Refugee students have taught me that life is something to be grabbed, enjoyed, shared, and be grateful for

Learning cheerfulness and gratitude from refugees
Jon Schoenbock at clasroom desk circa 1989

In honor of World Refugee Day 2017: The most important lesson my refugee students have taught me is that no matter the difficulties one faces, life is something to be grabbed, enjoyed, shared, and be grateful for

I have been an ESL teacher since 1979, and in most of those years, most of my students have been refugees. They have ranged in age from first grade to seventy years old, although the majority were teenagers, since for twenty-seven of my teaching years, I was at Washington High School in Milwaukee. My students have come from every continent, but most of them have been from Southeast Asia and from Africa.  And despite the variety in age, language, religion, or country of origin, they have shared some common traits: cheerfulness and gratitude.

Cheerfulness and gratitude

The most impressive common trait is an unflagging sense of cheerfulness and gratitude. I can’t remember a grouchy or whiny refugee. This is a constantly humbling experience, since I have never known hunger or persecution or fear for my life, yet I complain all the time. And the things I complain about seem insignificant to the problems that these refugees face. In most of the schools I’ve taught at, which include many lower income Milwaukee schools, refugees were surely among the poorest of the students. Many of the families I encountered came to the United States with nothing but the clothes on their backs. They had left behind their homes, their families and friends, their language, their livelihood, and anything that was familiar to them. They had lost family members to war. Yet they were grateful for every day and opportunity. They were able to be aware of what they had rather than on what they didn’t have and have taught me to try to do the same.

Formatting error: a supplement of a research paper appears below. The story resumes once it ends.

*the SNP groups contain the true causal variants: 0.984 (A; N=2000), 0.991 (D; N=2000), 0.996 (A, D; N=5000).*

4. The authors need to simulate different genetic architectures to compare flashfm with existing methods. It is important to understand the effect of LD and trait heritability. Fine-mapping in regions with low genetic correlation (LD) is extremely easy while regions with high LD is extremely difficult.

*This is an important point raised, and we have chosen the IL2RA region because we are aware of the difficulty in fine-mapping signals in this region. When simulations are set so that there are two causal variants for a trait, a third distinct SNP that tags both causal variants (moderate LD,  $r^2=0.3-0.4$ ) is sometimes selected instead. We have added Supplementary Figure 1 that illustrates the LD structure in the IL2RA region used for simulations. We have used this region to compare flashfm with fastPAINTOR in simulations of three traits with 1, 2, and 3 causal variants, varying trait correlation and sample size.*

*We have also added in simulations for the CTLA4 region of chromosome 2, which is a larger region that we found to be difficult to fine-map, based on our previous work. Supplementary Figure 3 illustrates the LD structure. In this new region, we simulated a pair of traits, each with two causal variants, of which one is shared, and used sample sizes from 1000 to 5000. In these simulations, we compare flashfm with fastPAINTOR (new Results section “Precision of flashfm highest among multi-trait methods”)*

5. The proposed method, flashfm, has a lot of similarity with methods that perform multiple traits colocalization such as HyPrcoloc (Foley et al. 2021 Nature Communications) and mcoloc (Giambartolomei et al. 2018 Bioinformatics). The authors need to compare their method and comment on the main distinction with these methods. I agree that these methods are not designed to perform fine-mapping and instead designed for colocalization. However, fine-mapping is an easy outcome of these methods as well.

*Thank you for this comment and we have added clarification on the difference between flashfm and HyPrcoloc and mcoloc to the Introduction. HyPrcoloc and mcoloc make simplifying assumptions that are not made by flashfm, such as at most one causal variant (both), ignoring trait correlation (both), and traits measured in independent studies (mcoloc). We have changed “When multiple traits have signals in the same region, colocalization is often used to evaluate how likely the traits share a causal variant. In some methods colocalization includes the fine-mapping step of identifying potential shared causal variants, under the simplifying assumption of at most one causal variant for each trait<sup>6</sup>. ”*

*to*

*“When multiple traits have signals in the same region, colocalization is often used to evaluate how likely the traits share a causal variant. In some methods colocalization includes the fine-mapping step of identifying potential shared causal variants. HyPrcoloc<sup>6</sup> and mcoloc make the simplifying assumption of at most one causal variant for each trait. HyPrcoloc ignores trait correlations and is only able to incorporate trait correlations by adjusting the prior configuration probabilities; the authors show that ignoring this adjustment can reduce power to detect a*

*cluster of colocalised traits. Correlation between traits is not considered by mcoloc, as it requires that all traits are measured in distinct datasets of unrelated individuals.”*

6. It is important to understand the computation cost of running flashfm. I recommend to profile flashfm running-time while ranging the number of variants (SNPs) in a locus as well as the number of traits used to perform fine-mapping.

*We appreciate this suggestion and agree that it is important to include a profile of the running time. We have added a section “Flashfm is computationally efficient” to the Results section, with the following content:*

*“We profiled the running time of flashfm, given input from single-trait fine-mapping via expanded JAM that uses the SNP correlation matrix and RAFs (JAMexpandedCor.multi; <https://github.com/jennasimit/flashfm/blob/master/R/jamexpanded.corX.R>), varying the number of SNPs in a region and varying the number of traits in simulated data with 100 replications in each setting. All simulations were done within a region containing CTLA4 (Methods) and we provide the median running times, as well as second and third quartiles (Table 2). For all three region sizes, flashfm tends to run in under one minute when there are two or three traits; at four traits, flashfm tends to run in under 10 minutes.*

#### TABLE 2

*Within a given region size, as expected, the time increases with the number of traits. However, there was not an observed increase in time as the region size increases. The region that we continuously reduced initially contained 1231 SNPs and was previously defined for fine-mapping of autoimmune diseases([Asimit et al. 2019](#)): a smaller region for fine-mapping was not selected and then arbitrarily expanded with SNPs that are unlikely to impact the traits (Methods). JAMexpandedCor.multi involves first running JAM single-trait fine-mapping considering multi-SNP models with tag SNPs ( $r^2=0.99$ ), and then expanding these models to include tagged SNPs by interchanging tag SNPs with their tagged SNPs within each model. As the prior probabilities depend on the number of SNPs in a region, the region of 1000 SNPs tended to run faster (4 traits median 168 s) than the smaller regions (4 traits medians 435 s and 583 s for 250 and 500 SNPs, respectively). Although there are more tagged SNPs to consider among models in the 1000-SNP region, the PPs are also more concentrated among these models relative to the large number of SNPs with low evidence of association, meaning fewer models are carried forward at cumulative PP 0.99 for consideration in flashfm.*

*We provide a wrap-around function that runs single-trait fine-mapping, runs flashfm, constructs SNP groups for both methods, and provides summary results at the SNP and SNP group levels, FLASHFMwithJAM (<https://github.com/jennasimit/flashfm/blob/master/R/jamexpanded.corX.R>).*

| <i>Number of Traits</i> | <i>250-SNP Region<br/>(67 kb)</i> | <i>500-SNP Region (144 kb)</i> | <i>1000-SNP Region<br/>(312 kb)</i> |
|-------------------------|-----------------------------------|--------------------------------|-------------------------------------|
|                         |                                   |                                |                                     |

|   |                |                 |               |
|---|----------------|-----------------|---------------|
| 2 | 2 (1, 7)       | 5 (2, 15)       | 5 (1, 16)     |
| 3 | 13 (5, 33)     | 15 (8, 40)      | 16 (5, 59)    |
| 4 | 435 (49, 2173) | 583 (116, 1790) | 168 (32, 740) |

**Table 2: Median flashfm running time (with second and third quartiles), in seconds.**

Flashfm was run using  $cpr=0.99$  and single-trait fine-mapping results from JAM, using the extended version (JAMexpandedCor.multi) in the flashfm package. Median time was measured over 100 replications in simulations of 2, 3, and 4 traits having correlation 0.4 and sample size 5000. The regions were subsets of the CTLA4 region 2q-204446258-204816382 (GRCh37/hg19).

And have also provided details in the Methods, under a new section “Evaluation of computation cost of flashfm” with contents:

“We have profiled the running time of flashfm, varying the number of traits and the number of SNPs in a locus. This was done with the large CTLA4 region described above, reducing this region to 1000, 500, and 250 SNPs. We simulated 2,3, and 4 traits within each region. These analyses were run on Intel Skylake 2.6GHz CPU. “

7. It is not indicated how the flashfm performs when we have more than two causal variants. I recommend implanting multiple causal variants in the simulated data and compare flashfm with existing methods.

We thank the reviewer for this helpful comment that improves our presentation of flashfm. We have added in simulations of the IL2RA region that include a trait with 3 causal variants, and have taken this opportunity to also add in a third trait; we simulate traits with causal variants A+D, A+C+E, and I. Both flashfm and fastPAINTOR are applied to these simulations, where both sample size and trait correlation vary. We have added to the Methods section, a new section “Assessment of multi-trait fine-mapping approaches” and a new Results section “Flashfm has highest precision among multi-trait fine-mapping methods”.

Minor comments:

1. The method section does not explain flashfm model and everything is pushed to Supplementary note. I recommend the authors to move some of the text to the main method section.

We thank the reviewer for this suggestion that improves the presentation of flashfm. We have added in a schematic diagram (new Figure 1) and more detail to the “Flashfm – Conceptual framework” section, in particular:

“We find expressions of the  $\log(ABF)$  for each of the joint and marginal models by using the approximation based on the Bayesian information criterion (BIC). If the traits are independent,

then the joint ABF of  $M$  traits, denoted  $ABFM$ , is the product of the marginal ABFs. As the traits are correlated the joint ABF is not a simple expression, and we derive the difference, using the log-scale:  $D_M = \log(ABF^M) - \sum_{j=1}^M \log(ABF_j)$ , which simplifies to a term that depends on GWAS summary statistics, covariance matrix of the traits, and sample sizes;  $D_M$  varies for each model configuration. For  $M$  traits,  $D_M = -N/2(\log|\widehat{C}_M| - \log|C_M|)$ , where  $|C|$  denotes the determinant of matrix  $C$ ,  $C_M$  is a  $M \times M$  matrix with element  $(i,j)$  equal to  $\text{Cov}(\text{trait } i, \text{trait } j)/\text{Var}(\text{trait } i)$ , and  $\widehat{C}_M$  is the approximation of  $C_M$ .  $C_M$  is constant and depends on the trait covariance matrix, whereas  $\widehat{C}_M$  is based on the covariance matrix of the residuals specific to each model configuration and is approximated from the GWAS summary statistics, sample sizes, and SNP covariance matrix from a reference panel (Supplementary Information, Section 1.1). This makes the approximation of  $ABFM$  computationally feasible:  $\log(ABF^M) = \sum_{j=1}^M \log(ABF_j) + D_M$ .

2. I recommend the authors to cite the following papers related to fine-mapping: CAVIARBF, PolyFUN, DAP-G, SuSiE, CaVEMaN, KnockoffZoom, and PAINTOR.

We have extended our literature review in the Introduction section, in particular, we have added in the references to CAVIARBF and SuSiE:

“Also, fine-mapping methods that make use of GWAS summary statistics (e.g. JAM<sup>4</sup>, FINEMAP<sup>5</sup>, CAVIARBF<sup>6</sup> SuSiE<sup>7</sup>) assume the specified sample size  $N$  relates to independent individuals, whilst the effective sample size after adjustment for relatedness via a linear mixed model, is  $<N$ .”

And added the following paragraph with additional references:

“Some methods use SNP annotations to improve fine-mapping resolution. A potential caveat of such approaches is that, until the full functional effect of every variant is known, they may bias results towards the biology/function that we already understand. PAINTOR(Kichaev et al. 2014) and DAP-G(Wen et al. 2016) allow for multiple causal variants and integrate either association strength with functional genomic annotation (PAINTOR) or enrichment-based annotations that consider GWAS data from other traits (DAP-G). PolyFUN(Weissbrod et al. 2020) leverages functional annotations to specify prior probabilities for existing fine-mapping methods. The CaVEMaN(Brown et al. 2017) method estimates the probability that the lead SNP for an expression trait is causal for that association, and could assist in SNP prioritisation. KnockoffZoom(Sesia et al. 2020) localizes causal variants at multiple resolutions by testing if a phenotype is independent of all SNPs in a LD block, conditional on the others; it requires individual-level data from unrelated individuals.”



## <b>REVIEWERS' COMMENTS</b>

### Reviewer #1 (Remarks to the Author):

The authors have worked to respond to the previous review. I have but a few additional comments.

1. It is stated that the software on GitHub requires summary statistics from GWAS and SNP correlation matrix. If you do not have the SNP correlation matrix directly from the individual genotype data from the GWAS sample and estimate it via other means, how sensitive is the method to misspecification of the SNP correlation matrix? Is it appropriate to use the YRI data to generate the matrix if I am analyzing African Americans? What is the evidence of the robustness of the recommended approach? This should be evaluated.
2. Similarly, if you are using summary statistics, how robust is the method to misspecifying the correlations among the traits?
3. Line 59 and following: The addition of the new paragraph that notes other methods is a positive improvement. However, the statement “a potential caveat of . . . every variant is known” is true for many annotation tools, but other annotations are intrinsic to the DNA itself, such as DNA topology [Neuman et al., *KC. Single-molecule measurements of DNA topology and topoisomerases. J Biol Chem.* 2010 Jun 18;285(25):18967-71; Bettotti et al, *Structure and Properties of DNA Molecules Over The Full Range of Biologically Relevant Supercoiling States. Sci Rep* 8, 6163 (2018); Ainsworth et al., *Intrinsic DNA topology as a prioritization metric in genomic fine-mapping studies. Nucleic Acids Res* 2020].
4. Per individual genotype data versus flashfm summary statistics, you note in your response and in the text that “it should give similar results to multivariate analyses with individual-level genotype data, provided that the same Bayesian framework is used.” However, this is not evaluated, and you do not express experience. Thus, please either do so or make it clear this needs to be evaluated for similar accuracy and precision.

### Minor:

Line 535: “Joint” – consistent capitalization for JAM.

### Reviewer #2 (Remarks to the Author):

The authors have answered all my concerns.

In the last few years, I have also taught adult refugees. Unlike my younger school-age students, some of these adults have been disabled, either blind or having lost a limb usually due to war-related injuries. Again, despite the added difficulties that disability brings to life (I myself am mildly disabled), these students have never complained. They are grateful and cheerful and express this daily. I once brought a sprig of fresh holly to a class of adult refugees from Burma. One of those students was blind from stepping on an IED. I gave him the holly and he smiled and said, “It smells so green!” This simple statement in the bleak days of winter showed me that I have much more than I realized.

Sacrifices and joie de vivre

In my first year or two of teaching adults, I met some of the parents of the very students whom I had taught at Washington High. The high schoolers came to school with newer clothes while the parents came to school wearing used clothes. The parents were obviously sacrificing everything for their children. In fact, the very act of leaving their home in order to improve the lives of their children may have been a great sacrifice. So another common trait among the refugees I’ve encountered is one of shared sacrifice.

A final trait refugees have is the ability to laugh at themselves. Every year when I ask what they usually eat at home, one of them will inevitably say, “I eat a kitchen” (meaning chicken). As soon as they realize their mistake, they join in laughing with the rest of the class. So they seem to have a general joie de vivre despite the current or past trauma and tragedy of their lives. Thus, perhaps the most important lesson my refugee students have taught me is that no matter the difficulties one faces, life is something to be grabbed, enjoyed, shared, and be grateful for. It is a gift too precious to be squandered.

In honor of World Refugee Day 2017, the Refugee Center Online is collecting stories of how refugees make our lives better.

The Refugee Center Online believes newcomers make our country a better place. Refugee resettlement is not just the moral or ethical thing to do – it benefits us and our communities as well. These stories from individuals around the country show how knowing, teaching, working with, and perhaps most importantly, being friends with, refugees have improved the lives of Americans.

Refugees shaking hands

World Refugee Day June 20, 2017

Find events in your community and learn how you can celebrate World Refugee Day 2017.

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About Jon Schoenbeck

Jon Schoenbeck has taught ESL in Milwaukee for 38 years. When he’s not teaching, he enjoys spending time with his family, listening to classical music and opera (a distinction he’s never really understood), gardening, and reading.